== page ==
The Illustrated Primer

How to be a Happy Cat

Yaacov Apelbnaum - How to be a Happy Cat

Inspired by the art work of Gay Jolliffe

Several months ago, I was working on a sUAS project that involved some sensor integration. After spending several sleepless nights figuring out the right power distribution by trial and a lot of error, I figured that there must be an easier way. It was time to hit the books. After some research, I found that two decent introductory books on the subject are the “’Make Electronics’ series and ‘Electronic Components’ by Charles Platt.

I am still working through these books at present. Other than learning a lot on the subject and building some neat devices, I have also discovered that Mr. Platt is a prolific author; a true Renaissance man.

I perused some of his other titles on Amazon and I picked up “How to be a Happy Cat”.  It’s a great family read especially if you have a cat and kids who will undoubtedly enjoy the satirical narrative and Gay Jolliffe’s illustrations.

Professing to be the “first and only self-help guide for cats”, the book answers many existential questions—from the point of view of a cat—that have boggled the minds of felines since the dawn of history.  Here a cat can find answers to problems such as how to live more than nine lives and how to find lasting romance.

One of my favorite observation in the book is:

“There are millions of humans just waiting to pamper us with gourmet food, indoor sanitation, and professional care.  It’s absurd not to take advantage of the situation.”

As far as the Make Electronics books, they’re great! The labs are well structured and they take you from zero knowledge to a decent proficiency on the subject while requiring hands-on work and learning by doing.

Another reason to go with these books is the coverage that you can find in YouTube and the author’s responsiveness to questions. When I ran into a problem with one of the experiments and just couldn’t figure out the solution, I posted a question the the book’s website. To my pleasant surprise, I got a detailed response from the author who provided me with some troubleshooting guidance.

So in the spirit of sharing the knowledge, here are several tips and resources that I found useful if you are planning to work through the book:

Ingredients  – Don’t try to assemble the supplies for the experiment manually. Instead, get a pre-packaged kit (i.e. Electronics Components Pack 1 and Electronics Components Pack 2).

Component Sources – If you do need to purchase replacement LEDs, transistors, or relays, get them on Amazon or Ebay.  Most of the US retailers charge exorbitant prices for these components. For example, I paid $2.69 for a bag of 50 LED, which is the same price Radio Shack charges for a single one. Not a biggie, but disproportionate.

Testing Equipment and Tools – Get the best tools you can afford.  Nothing is free in life, so don’t skimp on price or quality of your multimeter, oscilloscope, signal generator, power supply, soldering station, etc. If you don’t know where to start, check out Dave Jons’s EEV Blog for product reviews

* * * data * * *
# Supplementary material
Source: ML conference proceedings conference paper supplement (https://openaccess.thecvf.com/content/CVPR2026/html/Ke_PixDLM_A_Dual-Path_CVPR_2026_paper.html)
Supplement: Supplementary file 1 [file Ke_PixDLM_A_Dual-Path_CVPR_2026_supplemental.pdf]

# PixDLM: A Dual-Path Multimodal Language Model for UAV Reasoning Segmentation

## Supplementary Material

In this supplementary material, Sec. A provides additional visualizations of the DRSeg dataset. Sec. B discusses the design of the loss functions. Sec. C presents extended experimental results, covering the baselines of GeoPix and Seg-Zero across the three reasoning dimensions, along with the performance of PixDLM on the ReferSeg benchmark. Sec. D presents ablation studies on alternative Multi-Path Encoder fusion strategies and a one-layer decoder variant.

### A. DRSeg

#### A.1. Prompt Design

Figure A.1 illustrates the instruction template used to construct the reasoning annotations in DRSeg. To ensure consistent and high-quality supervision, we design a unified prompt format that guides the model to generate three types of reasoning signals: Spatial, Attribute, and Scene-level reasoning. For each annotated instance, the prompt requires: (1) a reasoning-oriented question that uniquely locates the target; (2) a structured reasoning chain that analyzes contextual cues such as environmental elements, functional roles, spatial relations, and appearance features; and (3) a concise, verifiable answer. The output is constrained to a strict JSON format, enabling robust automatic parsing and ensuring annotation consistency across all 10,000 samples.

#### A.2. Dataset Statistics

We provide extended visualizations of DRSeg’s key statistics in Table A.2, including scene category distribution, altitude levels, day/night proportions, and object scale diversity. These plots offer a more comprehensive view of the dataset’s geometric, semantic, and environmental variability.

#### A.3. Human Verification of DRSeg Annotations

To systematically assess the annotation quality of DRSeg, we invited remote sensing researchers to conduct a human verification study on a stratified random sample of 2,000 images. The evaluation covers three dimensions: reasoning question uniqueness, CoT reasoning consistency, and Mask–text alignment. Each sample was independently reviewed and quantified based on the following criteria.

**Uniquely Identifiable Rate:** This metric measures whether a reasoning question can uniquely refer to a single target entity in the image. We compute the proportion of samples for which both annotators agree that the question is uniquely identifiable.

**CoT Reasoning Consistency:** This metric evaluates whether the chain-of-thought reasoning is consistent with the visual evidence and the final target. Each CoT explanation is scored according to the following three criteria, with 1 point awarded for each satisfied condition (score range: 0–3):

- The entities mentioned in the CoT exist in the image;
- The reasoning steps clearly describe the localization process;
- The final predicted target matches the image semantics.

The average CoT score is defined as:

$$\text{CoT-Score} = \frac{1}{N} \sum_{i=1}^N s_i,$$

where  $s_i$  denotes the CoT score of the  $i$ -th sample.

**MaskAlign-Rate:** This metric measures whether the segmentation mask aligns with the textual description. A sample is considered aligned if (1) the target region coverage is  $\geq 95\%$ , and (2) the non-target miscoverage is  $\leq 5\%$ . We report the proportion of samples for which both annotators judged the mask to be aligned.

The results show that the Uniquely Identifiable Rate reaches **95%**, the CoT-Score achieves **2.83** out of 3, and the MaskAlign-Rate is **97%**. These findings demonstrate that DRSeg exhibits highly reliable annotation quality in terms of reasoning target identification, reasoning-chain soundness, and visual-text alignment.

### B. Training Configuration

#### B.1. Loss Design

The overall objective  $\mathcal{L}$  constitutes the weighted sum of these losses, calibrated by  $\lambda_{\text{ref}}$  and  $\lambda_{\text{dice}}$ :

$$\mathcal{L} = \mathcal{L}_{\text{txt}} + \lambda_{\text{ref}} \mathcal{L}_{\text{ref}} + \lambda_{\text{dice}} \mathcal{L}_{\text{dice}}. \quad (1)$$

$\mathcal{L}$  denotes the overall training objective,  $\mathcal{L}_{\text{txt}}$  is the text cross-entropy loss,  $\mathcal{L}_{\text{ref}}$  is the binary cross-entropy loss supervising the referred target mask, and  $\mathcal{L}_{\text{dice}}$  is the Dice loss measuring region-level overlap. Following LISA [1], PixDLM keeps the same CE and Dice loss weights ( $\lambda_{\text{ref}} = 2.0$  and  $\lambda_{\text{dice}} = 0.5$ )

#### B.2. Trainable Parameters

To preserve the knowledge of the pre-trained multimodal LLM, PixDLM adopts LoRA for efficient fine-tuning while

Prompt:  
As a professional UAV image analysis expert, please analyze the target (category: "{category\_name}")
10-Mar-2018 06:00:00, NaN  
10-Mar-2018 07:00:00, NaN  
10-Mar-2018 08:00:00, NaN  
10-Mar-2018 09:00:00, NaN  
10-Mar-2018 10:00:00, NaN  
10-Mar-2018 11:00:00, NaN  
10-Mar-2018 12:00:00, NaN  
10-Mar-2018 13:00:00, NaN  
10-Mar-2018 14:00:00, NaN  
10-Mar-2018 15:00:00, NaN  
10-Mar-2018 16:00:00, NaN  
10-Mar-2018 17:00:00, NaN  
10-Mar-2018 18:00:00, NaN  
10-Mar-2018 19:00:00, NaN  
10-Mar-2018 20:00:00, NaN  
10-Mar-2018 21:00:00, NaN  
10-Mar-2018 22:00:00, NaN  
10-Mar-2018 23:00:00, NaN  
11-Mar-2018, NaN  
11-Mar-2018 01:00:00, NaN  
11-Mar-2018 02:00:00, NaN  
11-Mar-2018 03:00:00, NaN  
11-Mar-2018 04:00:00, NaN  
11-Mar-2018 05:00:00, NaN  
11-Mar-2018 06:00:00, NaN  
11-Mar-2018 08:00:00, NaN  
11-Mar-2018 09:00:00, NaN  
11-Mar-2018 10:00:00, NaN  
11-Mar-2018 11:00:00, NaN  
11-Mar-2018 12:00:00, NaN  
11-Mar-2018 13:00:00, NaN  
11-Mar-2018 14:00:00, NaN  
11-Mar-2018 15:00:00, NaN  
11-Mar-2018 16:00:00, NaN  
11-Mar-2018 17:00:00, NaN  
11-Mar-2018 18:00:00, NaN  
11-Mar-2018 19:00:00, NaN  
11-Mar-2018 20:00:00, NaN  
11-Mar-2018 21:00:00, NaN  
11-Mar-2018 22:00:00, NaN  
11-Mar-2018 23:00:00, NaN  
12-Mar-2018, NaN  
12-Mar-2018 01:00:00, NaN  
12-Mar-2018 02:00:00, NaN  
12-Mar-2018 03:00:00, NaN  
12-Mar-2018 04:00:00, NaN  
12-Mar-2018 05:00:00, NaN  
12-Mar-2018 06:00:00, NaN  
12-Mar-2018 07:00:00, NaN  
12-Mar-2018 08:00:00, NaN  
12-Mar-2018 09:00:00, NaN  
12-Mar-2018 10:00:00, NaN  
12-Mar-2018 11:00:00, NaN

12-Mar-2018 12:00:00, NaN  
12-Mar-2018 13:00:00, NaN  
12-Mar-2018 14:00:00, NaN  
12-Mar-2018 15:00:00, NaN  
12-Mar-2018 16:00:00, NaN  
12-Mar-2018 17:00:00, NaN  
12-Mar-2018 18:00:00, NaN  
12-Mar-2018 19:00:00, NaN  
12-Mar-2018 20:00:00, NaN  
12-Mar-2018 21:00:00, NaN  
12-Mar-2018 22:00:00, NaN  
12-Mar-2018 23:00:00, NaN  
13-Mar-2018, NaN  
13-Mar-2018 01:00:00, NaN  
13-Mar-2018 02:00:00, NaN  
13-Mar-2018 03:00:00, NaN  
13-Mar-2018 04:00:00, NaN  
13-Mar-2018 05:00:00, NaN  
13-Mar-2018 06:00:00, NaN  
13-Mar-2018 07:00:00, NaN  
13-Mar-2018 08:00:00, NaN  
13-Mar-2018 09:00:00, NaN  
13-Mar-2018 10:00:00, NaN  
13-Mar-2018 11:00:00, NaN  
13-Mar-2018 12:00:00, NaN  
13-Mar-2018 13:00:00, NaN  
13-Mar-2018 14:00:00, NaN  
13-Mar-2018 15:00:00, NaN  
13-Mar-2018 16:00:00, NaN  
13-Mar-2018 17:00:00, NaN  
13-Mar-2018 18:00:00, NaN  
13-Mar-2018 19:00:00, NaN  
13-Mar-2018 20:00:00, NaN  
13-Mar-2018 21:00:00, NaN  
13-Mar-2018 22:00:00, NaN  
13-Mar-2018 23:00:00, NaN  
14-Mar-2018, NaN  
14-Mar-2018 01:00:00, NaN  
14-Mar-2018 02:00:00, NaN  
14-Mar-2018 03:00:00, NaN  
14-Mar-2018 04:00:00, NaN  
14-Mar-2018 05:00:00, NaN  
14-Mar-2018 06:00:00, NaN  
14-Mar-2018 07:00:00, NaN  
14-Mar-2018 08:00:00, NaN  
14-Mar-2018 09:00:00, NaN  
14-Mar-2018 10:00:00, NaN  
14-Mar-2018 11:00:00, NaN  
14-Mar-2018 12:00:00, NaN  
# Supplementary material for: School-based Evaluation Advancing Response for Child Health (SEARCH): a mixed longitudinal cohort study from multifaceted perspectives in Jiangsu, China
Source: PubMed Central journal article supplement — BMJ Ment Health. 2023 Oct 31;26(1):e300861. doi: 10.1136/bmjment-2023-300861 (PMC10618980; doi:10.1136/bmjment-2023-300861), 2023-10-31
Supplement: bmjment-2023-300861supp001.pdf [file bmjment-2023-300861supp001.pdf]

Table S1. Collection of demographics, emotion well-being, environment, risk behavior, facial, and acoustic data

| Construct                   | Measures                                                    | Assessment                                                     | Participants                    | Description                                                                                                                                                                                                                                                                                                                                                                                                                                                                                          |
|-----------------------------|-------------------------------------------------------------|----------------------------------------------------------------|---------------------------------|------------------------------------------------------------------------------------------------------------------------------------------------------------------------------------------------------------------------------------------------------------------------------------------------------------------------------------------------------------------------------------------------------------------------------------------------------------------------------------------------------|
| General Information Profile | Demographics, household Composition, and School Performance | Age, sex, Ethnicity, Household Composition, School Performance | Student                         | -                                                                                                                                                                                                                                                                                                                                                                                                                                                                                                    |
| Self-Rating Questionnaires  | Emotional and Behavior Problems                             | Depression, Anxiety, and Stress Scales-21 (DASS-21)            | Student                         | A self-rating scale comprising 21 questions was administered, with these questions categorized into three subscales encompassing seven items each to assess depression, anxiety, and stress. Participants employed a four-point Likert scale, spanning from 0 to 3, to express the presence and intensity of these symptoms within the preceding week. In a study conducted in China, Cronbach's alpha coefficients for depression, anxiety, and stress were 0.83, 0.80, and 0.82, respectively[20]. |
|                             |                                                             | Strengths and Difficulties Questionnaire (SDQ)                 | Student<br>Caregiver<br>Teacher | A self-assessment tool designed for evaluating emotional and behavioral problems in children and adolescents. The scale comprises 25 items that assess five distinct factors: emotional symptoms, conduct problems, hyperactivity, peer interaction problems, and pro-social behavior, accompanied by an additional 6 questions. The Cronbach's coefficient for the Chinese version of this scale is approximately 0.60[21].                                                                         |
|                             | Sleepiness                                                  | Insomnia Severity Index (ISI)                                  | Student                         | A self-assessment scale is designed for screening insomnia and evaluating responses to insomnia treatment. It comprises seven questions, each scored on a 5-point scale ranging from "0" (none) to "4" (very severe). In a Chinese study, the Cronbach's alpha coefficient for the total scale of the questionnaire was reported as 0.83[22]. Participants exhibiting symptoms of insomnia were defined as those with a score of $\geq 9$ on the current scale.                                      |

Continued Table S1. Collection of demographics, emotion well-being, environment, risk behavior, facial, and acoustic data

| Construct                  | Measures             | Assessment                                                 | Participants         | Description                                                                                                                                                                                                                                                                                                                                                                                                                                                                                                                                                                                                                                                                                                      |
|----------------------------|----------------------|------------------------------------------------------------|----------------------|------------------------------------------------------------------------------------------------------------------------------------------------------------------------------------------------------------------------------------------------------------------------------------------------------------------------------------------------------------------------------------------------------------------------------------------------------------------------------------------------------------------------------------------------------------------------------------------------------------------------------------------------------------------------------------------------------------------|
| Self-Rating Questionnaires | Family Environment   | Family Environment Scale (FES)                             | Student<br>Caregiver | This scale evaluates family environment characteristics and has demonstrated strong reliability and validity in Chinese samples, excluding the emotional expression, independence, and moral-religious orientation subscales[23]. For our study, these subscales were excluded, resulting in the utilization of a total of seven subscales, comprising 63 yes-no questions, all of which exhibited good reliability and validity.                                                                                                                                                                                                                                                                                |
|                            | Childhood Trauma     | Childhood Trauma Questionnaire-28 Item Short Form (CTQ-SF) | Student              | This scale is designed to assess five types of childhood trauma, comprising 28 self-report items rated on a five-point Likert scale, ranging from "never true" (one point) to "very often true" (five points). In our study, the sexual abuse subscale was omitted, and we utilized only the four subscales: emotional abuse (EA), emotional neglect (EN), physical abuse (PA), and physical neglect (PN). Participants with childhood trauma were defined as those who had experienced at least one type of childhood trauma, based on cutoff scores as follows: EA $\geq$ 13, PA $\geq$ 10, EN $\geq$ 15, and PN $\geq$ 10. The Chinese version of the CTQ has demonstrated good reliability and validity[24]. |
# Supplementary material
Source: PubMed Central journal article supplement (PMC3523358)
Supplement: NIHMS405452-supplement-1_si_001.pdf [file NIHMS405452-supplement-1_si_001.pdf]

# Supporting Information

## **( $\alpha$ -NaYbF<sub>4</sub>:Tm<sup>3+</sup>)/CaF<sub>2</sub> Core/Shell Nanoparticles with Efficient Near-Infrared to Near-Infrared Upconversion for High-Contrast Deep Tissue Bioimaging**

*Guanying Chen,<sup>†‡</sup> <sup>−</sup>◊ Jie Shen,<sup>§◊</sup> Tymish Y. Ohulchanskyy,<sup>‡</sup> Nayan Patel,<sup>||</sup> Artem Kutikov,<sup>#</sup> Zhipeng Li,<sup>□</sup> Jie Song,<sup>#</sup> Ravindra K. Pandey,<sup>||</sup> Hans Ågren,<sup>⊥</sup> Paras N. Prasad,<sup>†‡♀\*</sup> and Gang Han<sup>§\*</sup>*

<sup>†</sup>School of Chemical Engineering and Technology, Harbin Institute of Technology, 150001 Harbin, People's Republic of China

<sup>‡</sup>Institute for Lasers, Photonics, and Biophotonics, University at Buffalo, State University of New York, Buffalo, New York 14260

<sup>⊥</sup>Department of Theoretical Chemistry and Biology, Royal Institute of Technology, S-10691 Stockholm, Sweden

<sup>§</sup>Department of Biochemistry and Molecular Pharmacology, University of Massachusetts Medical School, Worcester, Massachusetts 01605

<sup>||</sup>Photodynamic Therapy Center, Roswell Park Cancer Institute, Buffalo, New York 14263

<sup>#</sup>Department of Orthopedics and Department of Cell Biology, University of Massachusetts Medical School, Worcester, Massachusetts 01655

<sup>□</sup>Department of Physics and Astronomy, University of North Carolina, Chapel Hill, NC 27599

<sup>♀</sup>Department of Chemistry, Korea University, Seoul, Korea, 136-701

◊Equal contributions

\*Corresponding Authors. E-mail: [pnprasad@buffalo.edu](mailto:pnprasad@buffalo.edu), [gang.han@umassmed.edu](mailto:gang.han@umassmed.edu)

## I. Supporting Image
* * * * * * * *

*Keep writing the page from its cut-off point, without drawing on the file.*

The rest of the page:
Specifically for experiments 14 and 15, here are several tips and resources that I found useful:

Experiment 14
The two capacitors used in the “Pulsing Glow” experiment should have their negative poles facing away from the LED. You can tell the negative poles by the location of the vertical white strip on the capacitor. Also, when inserting the LED into the female header make sure that the negative LED leg (the shorter leg) is close to the black negative wire.

Experiment 15
When assembling the five transistors, pay attention to their type (i.e. BJT vs. PUT) and their orientation. The two transistors under the speaker are PUT 2N-6027, the remaining three BJTs are 2N-222A. Note the 180 degree difference in orientation for both types.


When preparing the project enclosure, use the following drill hole patterns.  This template fits a 6” x 3” x 2” (15 mm x 7.5 mm) project enclosure box. To use it, print it out (make sure that the size does not change during printing), tape it on the enclosure cover,  and mark the centers of each hole with an awl.  Also, don’t pre-drill all holes on the cover. The sizes of the holes for the SPDT on/off switch and DPDT pushbutton switch (2 largest holes seen on the left side of the template) will be determined by the size of your specific components.

Leave your functioning breadboard design intact and don’t dismantle it when transferring the circuit to the perfboard. This will require you to purchase some spare parts, but having a functional prototype that you can refer to during the transfer process and use to troubleshoot is invaluable.

When soldering the components, use =<0.5 mm wire size and a conical-wedged tip. This will help you maintain fine control over the size of the solder joint. I also found that setting my solder temperature to 750F allowed me to complete each joint in about 4 seconds.

When assembling the final components, temporarily attach them to their poles by bending their lead wires and using alligator clips. Make sure that the whole system works, including the power on, self test, and magnetic sensor functionality before you perform the final soldering.

One more note: if you have a cat, batten down the hatches! We found LEDs, wires, transistors, and capacitors all over the house. Apparently, our own “Happy Cat” following the advice in the book, has been catching up on his circuit design as well.


© Copyright 2015 Yaacov Apelbaum All Rights Reserved.

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